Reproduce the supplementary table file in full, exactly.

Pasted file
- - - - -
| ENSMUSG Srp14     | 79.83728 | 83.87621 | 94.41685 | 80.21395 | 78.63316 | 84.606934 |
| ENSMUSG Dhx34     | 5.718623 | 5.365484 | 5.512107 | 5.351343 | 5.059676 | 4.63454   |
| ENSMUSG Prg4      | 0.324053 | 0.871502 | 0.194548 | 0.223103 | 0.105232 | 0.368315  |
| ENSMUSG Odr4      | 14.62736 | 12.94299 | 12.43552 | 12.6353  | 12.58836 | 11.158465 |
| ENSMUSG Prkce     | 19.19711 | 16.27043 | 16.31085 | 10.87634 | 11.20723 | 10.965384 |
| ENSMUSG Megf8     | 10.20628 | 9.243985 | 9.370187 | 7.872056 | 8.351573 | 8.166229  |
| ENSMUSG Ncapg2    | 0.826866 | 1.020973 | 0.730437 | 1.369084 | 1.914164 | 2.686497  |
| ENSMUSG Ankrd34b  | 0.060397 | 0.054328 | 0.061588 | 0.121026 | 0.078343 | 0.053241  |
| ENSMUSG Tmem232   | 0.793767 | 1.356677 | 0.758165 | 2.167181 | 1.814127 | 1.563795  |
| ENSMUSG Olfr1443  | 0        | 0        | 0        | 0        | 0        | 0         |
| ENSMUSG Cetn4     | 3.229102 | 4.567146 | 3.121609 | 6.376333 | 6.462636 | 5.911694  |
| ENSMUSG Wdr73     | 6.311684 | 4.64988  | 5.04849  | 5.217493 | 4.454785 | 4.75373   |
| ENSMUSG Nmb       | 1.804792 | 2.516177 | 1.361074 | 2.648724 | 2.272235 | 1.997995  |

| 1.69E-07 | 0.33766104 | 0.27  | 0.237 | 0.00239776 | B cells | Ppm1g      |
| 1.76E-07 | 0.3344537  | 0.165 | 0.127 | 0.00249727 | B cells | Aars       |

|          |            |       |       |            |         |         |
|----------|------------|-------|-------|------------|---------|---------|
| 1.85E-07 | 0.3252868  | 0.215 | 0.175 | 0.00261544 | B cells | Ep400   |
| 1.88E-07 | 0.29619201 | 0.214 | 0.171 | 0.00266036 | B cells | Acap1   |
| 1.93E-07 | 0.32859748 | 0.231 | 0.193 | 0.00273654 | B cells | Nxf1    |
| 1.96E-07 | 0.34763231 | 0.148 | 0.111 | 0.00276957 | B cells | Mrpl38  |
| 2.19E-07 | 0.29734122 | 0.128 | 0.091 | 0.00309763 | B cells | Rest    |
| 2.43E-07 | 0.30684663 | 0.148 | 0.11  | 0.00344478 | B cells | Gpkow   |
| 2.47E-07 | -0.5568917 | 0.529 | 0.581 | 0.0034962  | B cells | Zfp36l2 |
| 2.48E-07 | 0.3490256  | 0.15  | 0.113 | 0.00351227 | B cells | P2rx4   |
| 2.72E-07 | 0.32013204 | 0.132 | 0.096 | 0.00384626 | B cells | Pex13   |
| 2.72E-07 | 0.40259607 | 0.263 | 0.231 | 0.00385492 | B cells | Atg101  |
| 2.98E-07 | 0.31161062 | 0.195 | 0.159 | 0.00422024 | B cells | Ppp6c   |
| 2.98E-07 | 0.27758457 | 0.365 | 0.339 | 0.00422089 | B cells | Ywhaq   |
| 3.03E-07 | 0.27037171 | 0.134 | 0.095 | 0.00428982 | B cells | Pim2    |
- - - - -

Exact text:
| ENSMUSG Srp14     | 79.83728 | 83.87621 | 94.41685 | 80.21395 | 78.63316 | 84.606934 |
| ENSMUSG Dhx34     | 5.718623 | 5.365484 | 5.512107 | 5.351343 | 5.059676 | 4.63454   |
| ENSMUSG Prg4      | 0.324053 | 0.871502 | 0.194548 | 0.223103 | 0.105232 | 0.368315  |
| ENSMUSG Odr4      | 14.62736 | 12.94299 | 12.43552 | 12.6353  | 12.58836 | 11.158465 |
| ENSMUSG Prkce     | 19.19711 | 16.27043 | 16.31085 | 10.87634 | 11.20723 | 10.965384 |
| ENSMUSG Megf8     | 10.20628 | 9.243985 | 9.370187 | 7.872056 | 8.351573 | 8.166229  |
| ENSMUSG Ncapg2    | 0.826866 | 1.020973 | 0.730437 | 1.369084 | 1.914164 | 2.686497  |
| ENSMUSG Ankrd34b  | 0.060397 | 0.054328 | 0.061588 | 0.121026 | 0.078343 | 0.053241  |
| ENSMUSG Tmem232   | 0.793767 | 1.356677 | 0.758165 | 2.167181 | 1.814127 | 1.563795  |
| ENSMUSG Olfr1443  | 0        | 0        | 0        | 0        | 0        | 0         |
| ENSMUSG Cetn4     | 3.229102 | 4.567146 | 3.121609 | 6.376333 | 6.462636 | 5.911694  |
| ENSMUSG Wdr73     | 6.311684 | 4.64988  | 5.04849  | 5.217493 | 4.454785 | 4.75373   |
| ENSMUSG Nmb       | 1.804792 | 2.516177 | 1.361074 | 2.648724 | 2.272235 | 1.997995  |

| 1.69E-07 | 0.33766104 | 0.27  | 0.237 | 0.00239776 | B cells | Ppm1g      |
| 1.76E-07 | 0.3344537  | 0.165 | 0.127 | 0.00249727 | B cells | Aars       |

|          |            |       |       |            |         |         |
|----------|------------|-------|-------|------------|---------|---------|
| 1.85E-07 | 0.3252868  | 0.215 | 0.175 | 0.00261544 | B cells | Ep400   |
| 1.88E-07 | 0.29619201 | 0.214 | 0.171 | 0.00266036 | B cells | Acap1   |
| 1.93E-07 | 0.32859748 | 0.231 | 0.193 | 0.00273654 | B cells | Nxf1    |
| 1.96E-07 | 0.34763231 | 0.148 | 0.111 | 0.00276957 | B cells | Mrpl38  |
| 2.19E-07 | 0.29734122 | 0.128 | 0.091 | 0.00309763 | B cells | Rest    |
| 2.43E-07 | 0.30684663 | 0.148 | 0.11  | 0.00344478 | B cells | Gpkow   |
| 2.47E-07 | -0.5568917 | 0.529 | 0.581 | 0.0034962  | B cells | Zfp36l2 |
| 2.48E-07 | 0.3490256  | 0.15  | 0.113 | 0.00351227 | B cells | P2rx4   |
| 2.72E-07 | 0.32013204 | 0.132 | 0.096 | 0.00384626 | B cells | Pex13   |
| 2.72E-07 | 0.40259607 | 0.263 | 0.231 | 0.00385492 | B cells | Atg101  |
| 2.98E-07 | 0.31161062 | 0.195 | 0.159 | 0.00422024 | B cells | Ppp6c   |
| 2.98E-07 | 0.27758457 | 0.365 | 0.339 | 0.00422089 | B cells | Ywhaq   |
| 3.03E-07 | 0.27037171 | 0.134 | 0.095 | 0.00428982 | B cells | Pim2    |